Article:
This month’s article – to be discussed February 16 – is Thomas W. Jones’s, “The Three Identities of Charles D. McLain of Muskegon Michigan."
Born in 1848-49, arrived in 1871, and divorced in 1879, Ida’s husband [“Charles D. McLain”] should have been found in the thoroughly indexed, every-name 1850, 1860, 1870, and 1880 federal censuses. But he was not. Finding him and his origin required comparing his records with those of another woman’s husband and a man with another name.
And you thought your genealogical research bottlenecks were tricky!
For a copy of this article please email me at firstname.lastname@example.org. And, please join us at the Finley Center on February 16!
Posted on February 02, 2013
Mentor Me Petaluma has a new home. They are now located at 14 Keller Street in the Grace Building Annex.
Recently I came across a photo in the Sonoma County Library's collection. The cataloging for the image says 14 Keller Street. Pretty cute little house that obviously occupied the site before the Grace Building Annex.
I did a little research and found out that the house was rented by Arthur L. Wells in 1910. Others occupying the house were Arthur's wife Marie; their daughter Marie and four boarders: Edward Dole (lawyer), Chester Pressy (electrician), Earl C. Preston (egg candler) and Ronald Bill (egg candler).
Arthur was the manager of the Hill Opera House. Today we know this building as the Phoenix Theatre (subject for another great then and now!).
Posted on January 24, 2013
On January 17, 2013, Petaluma photographer, Scott Hess, posted a wonderful image of the Hunt & Behrens feed mill located on Lakeville Street on Face Book. Scott explains how the steam is used to soften the corn coming by on a conveyor belt. From there it is flattened into flakes for feed. This mill handles several types of grain including corn, wheat, and barley which are mixed to various specifications.
This is a process that was likely in place in 1921 when Marvin Hunt and Carl N. Behrens first established their mill at the foot of C Street in a warehouse they purchased from Achille Kahn.
By the summer of 1922, the mill not only had the advantage to being situated on the Petaluma River, but with the completion of the P&SR West Petaluma Spur and associated trestle (visible in the picture to the left), they had the advantage of being able to ship by rail and river.
Both men recognized the need for better feeding rations and improved feeding programs and dedicated their operation to two primary goals: customer service and efficiency in production to keep costs low. By keeping to these goals, Hunt & Behrens kept pace with the innovative changes that occurred during the ‘20s and ‘30s and it wasn’t long before they saw the need to expand their operation.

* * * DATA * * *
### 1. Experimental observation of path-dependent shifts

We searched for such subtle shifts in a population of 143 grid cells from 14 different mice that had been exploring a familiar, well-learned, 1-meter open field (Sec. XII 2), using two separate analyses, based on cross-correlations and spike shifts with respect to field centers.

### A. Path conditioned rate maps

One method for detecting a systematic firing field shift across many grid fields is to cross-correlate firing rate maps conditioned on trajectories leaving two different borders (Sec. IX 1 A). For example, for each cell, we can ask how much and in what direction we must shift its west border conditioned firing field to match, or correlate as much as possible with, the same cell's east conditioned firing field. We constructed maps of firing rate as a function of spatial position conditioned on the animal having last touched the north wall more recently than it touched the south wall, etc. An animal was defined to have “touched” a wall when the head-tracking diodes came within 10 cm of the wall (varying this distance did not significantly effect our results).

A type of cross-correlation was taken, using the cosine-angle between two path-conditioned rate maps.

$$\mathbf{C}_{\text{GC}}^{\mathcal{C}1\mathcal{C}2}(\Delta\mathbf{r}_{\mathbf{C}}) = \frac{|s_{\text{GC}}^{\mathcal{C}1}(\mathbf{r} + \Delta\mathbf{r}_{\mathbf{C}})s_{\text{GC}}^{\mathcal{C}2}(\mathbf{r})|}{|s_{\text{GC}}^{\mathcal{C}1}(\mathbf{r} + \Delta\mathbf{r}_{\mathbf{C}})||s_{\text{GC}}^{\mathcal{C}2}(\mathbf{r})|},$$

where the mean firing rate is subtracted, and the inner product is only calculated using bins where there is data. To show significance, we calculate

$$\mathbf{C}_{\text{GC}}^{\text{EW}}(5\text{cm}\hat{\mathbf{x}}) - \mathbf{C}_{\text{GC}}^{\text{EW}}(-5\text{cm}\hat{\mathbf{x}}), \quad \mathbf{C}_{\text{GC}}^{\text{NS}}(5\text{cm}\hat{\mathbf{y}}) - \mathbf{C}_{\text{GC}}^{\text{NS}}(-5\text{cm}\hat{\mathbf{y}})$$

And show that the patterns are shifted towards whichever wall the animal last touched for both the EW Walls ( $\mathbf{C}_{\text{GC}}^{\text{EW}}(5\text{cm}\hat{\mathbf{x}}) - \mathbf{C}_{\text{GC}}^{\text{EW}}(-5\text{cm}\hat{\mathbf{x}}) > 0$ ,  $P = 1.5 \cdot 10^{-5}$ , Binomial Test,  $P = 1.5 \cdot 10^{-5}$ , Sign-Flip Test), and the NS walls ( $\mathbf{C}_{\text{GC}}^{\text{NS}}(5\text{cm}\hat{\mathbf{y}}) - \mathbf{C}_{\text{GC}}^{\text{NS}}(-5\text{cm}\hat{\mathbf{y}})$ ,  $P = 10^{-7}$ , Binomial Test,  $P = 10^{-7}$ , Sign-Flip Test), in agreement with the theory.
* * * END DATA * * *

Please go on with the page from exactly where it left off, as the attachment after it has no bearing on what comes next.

Construction of a new plant on Bridge Street (now Lakeville Street) began in 1940 but because of World War II the completion was delayed until 1947. Due to wartime shortage of available steel the new mill was built using wooden beams and today it is the only one of its kind in California.
It was at the Bridge Street plant that the first bulk delivery of mixed feeds was initiated. During the 1950s, both the storage and milling facilities were doubled in size. By the 1970s, a second mill was constructed. The purpose of the second mill was to allow Hunt & Behrens to conduct all its operations under one roof while maintaining the flexibility of operating the poultry feed division separately from the dairy feed division.
The location on Bridge Street afforded the same transportation advantages as the C Street site, but now instead of the river the company depends on trucks and trains to haul their feeds to customers.
After a 10 year hiatus, the NWP resumed freight rail service in July 2011 and as of December 2011 rail delivery was saving Hunt & Behrens $15-$17 a ton over trucking. To read more about the relationship between agriculture and rail see Cooperative Extension of Marin County's blog posted by director David Lewis at http://ucanr.edu/sites/Grown_in_Marin/Grown_In_Marin_News/GIM_News_Fall_2012/Agriculture_rides_the_rails_again/
Today Hunt & Behrens is not only the oldest, continuously operating feed mill in Sonoma County, but for the past 10 years has been a major supplier of organic feed. Hunt & Behrens contributes greatly to the region's economic well being and is a visual landmark.